By Rym Tina Ghazal
September 24, 2018
The first Arab and first Muslim in space, Prince Sultan bin Salman, said in 1985: “The Arab world is at a turning point. We have gone through the phases of oil, money and early technological development. The new generation is looking forward to joining the rest of the world by obtaining the most important things in that turnaround: Opportunity and education. They are the keys that open the door for our future.”
Those words were spoken after the Saudi prince — an air force fighter pilot at the time — blasted off from the Kennedy Space Centre on board the Space Shuttle Discovery. He was on a seven-day mission that would, among other things, deploy a satellite for the Arab Satellite Communications Organization, commonly known as Arabsat. The prince became a hero not just in Saudi Arabia, but across the region. He traveled 4.67 million kilometers, and went where no Arab had ventured before.
“You realize how small you are, how we are just a speck in the universe,” Prince Sultan, a son of King Salman, told me in an interview in 2008.
This month, 33 years on from that space flight, similar words of hope and ambition are being spoken, this time in the UAE, where the country’s first two astronauts have been revealed. Hazza Al-Mansouri and Sultan Saif Al-Neyadi were selected from over 4,000 people who applied for the program. One of them will blast off next year aboard a Russian Soyuz rocket headed for the International Space Station. The other will serve as backup.
Of course, the sky, space and cosmos are nothing new to the Arab world. It was always only a matter of time before the region would again find its rightful place in the scientific pursuit of space studies and the exploration of our outer boundaries. Indeed, as a leading figure in the “space race” between Cold War rivals the US and the old Soviet Union predicted when I met him in 2006, the Arab world was primed to re-enter the arena. “They have the history, the talent and the money to do so,” said Russian cosmonaut Alexey Leonov, who in 1965 became the first man to perform a spacewalk.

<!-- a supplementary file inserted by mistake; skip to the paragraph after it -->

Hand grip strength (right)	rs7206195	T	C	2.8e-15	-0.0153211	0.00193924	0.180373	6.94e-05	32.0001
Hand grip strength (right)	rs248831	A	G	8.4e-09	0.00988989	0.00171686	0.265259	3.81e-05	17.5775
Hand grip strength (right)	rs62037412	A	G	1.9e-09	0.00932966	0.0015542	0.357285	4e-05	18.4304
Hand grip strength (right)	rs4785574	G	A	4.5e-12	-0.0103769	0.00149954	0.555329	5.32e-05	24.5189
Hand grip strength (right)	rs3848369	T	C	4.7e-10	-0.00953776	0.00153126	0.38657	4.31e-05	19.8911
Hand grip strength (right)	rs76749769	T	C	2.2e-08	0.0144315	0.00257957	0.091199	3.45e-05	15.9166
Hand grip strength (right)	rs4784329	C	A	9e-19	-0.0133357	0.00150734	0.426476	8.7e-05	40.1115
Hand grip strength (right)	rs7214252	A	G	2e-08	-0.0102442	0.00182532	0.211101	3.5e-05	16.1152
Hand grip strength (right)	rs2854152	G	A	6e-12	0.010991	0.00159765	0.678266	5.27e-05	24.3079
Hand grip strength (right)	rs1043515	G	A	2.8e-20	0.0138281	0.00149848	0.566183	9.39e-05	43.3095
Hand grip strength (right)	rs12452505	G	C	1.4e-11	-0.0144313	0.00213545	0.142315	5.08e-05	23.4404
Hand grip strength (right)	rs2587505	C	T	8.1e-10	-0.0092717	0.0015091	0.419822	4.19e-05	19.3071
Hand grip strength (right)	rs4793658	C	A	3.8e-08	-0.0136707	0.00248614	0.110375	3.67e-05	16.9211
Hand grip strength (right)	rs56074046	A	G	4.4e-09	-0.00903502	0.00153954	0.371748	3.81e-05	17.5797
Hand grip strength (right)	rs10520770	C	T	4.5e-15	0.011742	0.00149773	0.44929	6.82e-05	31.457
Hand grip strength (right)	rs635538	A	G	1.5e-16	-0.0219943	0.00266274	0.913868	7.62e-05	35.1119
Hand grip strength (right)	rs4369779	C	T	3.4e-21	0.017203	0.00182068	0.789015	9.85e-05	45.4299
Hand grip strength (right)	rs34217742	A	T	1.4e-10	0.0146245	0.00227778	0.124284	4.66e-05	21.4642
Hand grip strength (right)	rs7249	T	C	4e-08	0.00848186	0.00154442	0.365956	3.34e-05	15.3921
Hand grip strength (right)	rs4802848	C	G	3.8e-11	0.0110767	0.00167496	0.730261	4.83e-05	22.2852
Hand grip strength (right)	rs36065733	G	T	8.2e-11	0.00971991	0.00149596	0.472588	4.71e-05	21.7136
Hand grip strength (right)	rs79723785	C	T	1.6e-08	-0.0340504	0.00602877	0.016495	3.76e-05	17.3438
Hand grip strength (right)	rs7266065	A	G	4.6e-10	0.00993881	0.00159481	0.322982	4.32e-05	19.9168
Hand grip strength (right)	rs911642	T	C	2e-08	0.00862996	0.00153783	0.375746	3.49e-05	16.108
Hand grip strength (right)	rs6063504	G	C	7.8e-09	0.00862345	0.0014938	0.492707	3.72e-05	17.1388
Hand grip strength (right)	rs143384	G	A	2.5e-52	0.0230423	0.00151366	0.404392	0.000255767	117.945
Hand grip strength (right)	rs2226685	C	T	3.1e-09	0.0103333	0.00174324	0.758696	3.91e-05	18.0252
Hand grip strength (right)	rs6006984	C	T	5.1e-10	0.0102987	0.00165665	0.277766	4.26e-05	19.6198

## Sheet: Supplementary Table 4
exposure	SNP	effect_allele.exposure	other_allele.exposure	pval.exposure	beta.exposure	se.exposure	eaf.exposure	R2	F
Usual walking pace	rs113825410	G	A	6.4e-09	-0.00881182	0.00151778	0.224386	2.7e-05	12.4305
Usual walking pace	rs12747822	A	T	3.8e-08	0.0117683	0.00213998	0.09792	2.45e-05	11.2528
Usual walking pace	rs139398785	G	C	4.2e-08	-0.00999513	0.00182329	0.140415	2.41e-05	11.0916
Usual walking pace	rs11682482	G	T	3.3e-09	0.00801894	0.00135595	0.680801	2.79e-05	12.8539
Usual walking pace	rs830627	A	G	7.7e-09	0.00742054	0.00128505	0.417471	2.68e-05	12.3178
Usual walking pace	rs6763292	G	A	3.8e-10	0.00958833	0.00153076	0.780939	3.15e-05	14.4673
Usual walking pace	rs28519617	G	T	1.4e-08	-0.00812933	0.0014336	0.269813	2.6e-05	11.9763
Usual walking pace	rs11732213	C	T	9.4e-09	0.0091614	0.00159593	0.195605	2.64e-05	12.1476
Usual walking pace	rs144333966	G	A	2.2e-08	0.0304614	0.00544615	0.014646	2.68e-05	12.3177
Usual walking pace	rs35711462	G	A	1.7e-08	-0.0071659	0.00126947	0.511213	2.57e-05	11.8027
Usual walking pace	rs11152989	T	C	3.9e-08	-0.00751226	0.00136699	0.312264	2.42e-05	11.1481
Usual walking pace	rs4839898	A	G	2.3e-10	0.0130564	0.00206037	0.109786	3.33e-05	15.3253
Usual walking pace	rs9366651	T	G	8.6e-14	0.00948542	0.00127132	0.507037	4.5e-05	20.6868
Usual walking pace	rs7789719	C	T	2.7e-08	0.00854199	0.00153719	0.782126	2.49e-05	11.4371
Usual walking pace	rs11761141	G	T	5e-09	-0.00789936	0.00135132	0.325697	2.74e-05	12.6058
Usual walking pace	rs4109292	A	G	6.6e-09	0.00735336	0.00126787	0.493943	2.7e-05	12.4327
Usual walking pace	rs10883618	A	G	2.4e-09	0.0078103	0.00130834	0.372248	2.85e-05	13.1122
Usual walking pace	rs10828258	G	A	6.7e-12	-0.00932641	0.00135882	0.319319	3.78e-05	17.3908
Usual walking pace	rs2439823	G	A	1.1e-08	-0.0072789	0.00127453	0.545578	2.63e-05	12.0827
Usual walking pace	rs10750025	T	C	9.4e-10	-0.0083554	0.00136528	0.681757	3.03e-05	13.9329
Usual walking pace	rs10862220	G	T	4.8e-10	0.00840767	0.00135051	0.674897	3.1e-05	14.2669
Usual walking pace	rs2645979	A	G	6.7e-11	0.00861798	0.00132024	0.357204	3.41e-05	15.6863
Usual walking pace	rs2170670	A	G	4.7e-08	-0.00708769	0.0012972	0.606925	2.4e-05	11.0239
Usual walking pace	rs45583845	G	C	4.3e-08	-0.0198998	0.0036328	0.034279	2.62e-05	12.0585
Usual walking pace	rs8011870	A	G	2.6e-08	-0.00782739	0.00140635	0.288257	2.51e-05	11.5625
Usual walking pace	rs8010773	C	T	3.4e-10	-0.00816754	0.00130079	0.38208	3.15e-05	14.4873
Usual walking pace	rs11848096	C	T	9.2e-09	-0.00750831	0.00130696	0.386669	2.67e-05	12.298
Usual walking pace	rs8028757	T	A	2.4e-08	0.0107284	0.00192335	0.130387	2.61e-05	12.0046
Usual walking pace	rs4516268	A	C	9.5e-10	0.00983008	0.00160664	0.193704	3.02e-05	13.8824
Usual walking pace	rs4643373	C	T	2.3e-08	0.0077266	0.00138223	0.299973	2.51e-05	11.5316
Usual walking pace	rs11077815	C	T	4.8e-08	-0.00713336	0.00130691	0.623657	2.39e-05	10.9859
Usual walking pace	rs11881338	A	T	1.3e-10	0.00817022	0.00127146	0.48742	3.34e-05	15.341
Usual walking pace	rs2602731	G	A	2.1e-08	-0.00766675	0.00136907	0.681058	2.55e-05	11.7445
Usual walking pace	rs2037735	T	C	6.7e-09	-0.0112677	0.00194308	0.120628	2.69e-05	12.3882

But, then again, the people of the Arab world have already “reached” the Moon, or at least have imprinted their influence on the lunar body. Some of the Moon’s craters are named after scholars from the Islamic world. In the same vein, our region has also “touched” Mars. On the Red Planet, an area of contrasting brightness and darkness — called an albedo feature — was named Arabia Terra after the Arabian Peninsula. It lies in a region called the Arabia quadrangle, one of the 30 that make up the surface of the planet.
Perhaps more importantly than extraterrestrial signposts, the Arab world’s engagement with space has everything to do with Prince Sultan’s prescient observation three decades ago. We have for decades been invested in space, this time literally. In 1997, the first satellite phone company in the Arab world, Thuraya, was founded in the UAE. Named after the Pleiades star cluster, also known as the Seven Sisters, Thuraya is an important star used in old Gulf calendars, known as Al-Drour. This star’s departure from the night sky around the last week of April traditionally heralds the start of the annual stormy season in the Arabian Peninsula.
In Saudi Arabia, the King Abdulaziz City for Science and Technology has been instrumental in designing and building 13 satellites so far. It is also responsible for establishing several research centres on space and aeronautics in collaboration with international partners, Arabsat, which was founded in 1976 by the 21 member states of the Arab League and whose first satellite Prince Sultan helped launch, operates from its headquarters in Riyadh.
The UAE, too, has been involved in building its own satellites, and has set up the region’s first space research centre. It plans to launch a probe to Mars in 2020. And, when that spaceship, named Hope, sets off for the Red Planet, it will be supported by a contingent of engineers, scientists and mathematicians home-grown in the Arab world and who are adding to the legacy of Arab expertise in the study of the cosmos.
Space has opened up new opportunities in the knowledge economy for the Middle East, as the region rediscovers its thousand-year-old heritage. We are guided to the future by charting the ancient course set by our ancestors. We are back in space, grounded in our history.
Rym Tina Ghazal is an award-winning journalist. In 2003, she became one of the first women of Arab heritage to cover war zones in the Middle East. Copyright: Syndication Bureau. www.syndicationbureau.com